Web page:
Call for Free Legal Guidance

Gregg J. Stark Indianapolis DUI Attorney Gregg J. Stark Indianapolis DUI Attorney

DUI Takes Backseat To Other Causes Of Traffic Accidents

To hear the Mothers Against Drunk Driving (MADD) and their loyalists spin the tale, drunk driving is the prime cause of motor vehicle accidents to be prevented at all costs. In their quest for a de facto prohibition on the consumption of alcohol within entertainment venues, sporting events or restaurants, such organizations are not always eager to acknowledge the results of governmental studies that cast a light on more significant causes of traffic accidents presently posing more realized dangers to the driving public.

The Center For Disease Control (CDC) has just come out with an alarming study as to the potential root cause behind thousands of motor vehicle accidents each year within the United States. As opposed to the notion that the self induced impairment of drivers either through the use of drugs and/or alcohol is the precipitating basis for car accidents to be curtailed, the new CDC study puts forth logical reasoning behind the true causes of traffic accidents; causes that will not allow for a new infusion of revenues encouraged to be funneled in the direction of anti alcohol organizations such as MADD.

Most dui lawyers will be ready and able to confirm that mere driver inattention and negligence is the primary cause of traffic accidents and not the voluntary impairment of illegal drugs or alcohol. As the CDC study makes poignantly clear, an astounding one in twenty four motorists have revealed that they have actually fallen asleep at the wheel of a motor vehicle at least once within the past month when driving.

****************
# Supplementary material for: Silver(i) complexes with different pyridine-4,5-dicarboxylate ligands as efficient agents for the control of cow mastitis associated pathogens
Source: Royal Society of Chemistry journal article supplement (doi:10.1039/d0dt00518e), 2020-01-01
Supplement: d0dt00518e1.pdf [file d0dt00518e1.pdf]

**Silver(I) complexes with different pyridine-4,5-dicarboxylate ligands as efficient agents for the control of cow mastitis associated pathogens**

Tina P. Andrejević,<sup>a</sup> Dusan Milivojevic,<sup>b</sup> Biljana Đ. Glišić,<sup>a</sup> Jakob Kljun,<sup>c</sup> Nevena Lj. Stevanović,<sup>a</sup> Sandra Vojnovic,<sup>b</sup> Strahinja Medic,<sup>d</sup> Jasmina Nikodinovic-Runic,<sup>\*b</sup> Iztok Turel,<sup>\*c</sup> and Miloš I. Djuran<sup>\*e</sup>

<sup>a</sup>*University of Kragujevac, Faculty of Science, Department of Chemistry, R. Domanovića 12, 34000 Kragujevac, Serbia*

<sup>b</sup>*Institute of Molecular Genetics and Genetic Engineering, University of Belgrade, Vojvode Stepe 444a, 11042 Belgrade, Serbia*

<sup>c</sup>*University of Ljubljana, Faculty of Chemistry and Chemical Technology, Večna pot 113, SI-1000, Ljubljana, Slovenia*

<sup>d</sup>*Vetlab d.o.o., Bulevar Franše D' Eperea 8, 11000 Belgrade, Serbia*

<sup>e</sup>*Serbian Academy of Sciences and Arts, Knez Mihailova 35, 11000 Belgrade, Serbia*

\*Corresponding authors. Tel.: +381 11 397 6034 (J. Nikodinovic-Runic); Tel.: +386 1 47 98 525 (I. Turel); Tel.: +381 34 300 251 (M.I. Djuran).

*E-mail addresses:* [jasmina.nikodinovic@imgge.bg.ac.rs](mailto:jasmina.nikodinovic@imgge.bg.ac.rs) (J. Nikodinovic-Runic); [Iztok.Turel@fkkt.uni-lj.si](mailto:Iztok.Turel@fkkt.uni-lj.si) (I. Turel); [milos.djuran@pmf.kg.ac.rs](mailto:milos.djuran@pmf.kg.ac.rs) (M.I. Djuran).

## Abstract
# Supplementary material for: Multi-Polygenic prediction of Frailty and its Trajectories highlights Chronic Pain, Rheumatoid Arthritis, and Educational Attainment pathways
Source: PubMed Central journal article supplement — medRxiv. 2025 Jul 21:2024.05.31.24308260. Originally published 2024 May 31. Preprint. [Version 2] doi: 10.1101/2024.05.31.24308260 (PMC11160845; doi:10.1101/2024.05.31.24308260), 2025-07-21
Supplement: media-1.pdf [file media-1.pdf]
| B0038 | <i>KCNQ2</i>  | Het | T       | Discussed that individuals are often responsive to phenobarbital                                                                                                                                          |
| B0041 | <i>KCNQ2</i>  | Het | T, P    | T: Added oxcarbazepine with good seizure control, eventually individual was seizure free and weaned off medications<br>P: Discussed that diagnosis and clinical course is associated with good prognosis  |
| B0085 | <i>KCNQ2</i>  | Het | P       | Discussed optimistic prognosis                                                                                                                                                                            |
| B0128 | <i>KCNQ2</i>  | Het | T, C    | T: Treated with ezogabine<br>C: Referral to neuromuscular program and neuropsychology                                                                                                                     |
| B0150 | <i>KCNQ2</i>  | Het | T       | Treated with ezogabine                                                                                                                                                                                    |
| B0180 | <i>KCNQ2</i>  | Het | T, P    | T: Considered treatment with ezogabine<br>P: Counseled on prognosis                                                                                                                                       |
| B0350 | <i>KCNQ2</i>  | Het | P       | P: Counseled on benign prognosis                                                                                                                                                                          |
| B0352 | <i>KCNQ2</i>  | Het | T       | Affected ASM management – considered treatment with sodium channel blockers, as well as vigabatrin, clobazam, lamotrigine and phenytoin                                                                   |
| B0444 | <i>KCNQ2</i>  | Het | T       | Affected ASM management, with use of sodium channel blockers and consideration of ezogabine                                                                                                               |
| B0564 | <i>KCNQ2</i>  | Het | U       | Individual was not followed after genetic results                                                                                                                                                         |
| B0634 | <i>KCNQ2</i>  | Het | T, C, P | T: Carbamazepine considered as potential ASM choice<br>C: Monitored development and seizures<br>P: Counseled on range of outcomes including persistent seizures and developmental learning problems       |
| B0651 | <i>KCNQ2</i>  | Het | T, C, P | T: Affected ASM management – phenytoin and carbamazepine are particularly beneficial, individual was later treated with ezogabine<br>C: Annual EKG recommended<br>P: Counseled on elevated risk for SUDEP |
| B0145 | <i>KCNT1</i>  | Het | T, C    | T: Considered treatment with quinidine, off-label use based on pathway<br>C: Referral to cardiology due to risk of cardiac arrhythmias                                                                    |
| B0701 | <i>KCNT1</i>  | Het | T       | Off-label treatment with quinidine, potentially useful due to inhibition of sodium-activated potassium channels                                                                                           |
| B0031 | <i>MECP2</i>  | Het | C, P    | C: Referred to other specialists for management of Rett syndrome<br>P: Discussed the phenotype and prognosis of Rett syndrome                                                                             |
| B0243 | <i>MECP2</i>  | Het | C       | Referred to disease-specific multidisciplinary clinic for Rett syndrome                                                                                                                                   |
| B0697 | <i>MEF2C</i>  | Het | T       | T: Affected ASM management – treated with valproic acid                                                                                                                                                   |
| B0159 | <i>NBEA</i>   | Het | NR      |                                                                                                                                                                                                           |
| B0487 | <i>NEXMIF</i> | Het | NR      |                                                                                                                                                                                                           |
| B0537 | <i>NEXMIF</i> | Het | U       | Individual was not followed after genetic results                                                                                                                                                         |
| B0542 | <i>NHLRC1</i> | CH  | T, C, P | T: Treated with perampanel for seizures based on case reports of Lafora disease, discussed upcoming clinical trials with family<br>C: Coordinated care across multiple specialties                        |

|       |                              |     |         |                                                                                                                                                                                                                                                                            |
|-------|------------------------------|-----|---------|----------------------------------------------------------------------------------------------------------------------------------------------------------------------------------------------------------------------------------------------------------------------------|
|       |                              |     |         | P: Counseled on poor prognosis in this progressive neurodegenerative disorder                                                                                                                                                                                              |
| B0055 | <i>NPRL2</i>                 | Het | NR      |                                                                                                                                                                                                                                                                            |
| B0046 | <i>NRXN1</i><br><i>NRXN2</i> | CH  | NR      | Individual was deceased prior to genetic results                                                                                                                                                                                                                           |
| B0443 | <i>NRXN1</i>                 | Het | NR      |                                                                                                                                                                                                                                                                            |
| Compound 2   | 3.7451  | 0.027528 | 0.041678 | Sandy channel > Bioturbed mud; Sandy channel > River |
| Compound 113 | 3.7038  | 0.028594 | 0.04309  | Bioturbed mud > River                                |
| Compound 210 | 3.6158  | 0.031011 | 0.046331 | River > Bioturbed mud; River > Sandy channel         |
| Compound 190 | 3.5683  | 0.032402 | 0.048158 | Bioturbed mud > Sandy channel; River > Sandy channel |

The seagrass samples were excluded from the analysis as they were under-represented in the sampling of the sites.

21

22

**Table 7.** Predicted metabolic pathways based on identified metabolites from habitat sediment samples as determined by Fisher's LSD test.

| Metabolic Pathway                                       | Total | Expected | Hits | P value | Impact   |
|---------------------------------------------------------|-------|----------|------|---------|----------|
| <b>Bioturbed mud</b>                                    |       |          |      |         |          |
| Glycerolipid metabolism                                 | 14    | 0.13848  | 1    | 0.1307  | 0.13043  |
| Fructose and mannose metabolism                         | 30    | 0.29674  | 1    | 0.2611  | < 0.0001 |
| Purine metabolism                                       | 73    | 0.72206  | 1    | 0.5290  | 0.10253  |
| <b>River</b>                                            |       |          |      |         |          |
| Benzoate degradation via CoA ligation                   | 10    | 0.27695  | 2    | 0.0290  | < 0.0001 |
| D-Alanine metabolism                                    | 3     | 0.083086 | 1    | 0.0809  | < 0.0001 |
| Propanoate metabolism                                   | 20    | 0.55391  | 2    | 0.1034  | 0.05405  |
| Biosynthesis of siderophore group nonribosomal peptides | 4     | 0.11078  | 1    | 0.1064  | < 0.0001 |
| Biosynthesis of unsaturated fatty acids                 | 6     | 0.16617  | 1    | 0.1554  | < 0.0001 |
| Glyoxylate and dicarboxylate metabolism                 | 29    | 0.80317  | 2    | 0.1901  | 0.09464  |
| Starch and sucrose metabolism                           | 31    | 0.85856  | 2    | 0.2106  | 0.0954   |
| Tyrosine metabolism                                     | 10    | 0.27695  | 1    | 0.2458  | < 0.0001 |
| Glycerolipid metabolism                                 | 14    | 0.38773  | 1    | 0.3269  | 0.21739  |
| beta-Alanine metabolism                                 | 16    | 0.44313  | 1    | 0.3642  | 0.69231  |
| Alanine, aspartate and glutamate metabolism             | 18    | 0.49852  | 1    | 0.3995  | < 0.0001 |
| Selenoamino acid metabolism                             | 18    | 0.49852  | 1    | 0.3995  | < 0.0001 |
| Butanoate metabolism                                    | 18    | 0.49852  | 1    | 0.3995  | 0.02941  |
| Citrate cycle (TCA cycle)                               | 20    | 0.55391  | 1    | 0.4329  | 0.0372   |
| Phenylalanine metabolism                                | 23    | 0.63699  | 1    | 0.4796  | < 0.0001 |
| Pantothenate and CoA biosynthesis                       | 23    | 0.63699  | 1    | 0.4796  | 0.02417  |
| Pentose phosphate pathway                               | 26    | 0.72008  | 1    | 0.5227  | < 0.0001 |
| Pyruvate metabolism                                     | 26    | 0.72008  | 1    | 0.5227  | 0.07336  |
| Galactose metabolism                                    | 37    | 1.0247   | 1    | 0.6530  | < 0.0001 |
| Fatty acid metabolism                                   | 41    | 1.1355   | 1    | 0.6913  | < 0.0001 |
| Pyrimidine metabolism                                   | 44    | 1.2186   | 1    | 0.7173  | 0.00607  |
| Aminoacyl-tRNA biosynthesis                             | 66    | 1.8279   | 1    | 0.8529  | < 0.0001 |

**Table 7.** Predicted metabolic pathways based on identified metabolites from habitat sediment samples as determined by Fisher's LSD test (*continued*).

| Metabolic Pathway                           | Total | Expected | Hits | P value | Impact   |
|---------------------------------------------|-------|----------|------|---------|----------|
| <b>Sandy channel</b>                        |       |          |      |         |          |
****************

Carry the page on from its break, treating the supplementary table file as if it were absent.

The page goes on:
In the broadest such study to date, it is theorized that the true number of those who sleep behind the wheel could be far greater. The numbers reported could be skewed lower due to divergent factors such as those who may have dozed off for a few seconds and don’t realize it, do not equate such behavior with sleep, or those who simply may have been reluctant to truthfully admit to examiners the full scope of their potential dangerous sleep behavior when behind the wheel of an operated motor vehicle.

The need for continued research and the reporting of accurate figures is vital as the percentage span of estimates equating drowsy driving to fatal traffic accidents range from three to thirty three percent. Of course, those in MADD and their cohorts will predictibly suggest that the consumption of alcohol could in fact be a contributing factor in driver drowsiness reported on within the CDC study.

While the contributing factors behind driver inattention due to drowsiness will be cause for future study, the CDC has initially chosen to advise American drivers as to the need to sleep at least seven hours per night and investigate any potential sleep disorders before driving.

As one experienced in the field of Indiana traffic law, it is my strongly held opinion that a combination of factors including, but not limited to, drowsiness, an increase in texting while driving, carrying on cell phone conversations, old age, insufficient driver training and good old negligence and inattention will with future study prove to be far more significant factors behind traffic accidents than drunk driving.

Drunk driving is and should continue to be one factor to be controlled in the effort to reduce the proliferation of traffic accidents wherever they may be. However, by disproportionately focusing on select dui tragedies at the expense of educating the driving public as to the more realized threats posed by negative driving behavior unrelated to dui, fund raising organizations such as MADD often show themselves to be more interested in preserving their own significance than embracing accurate information that will truly benefit the driving public.

Go Back To Top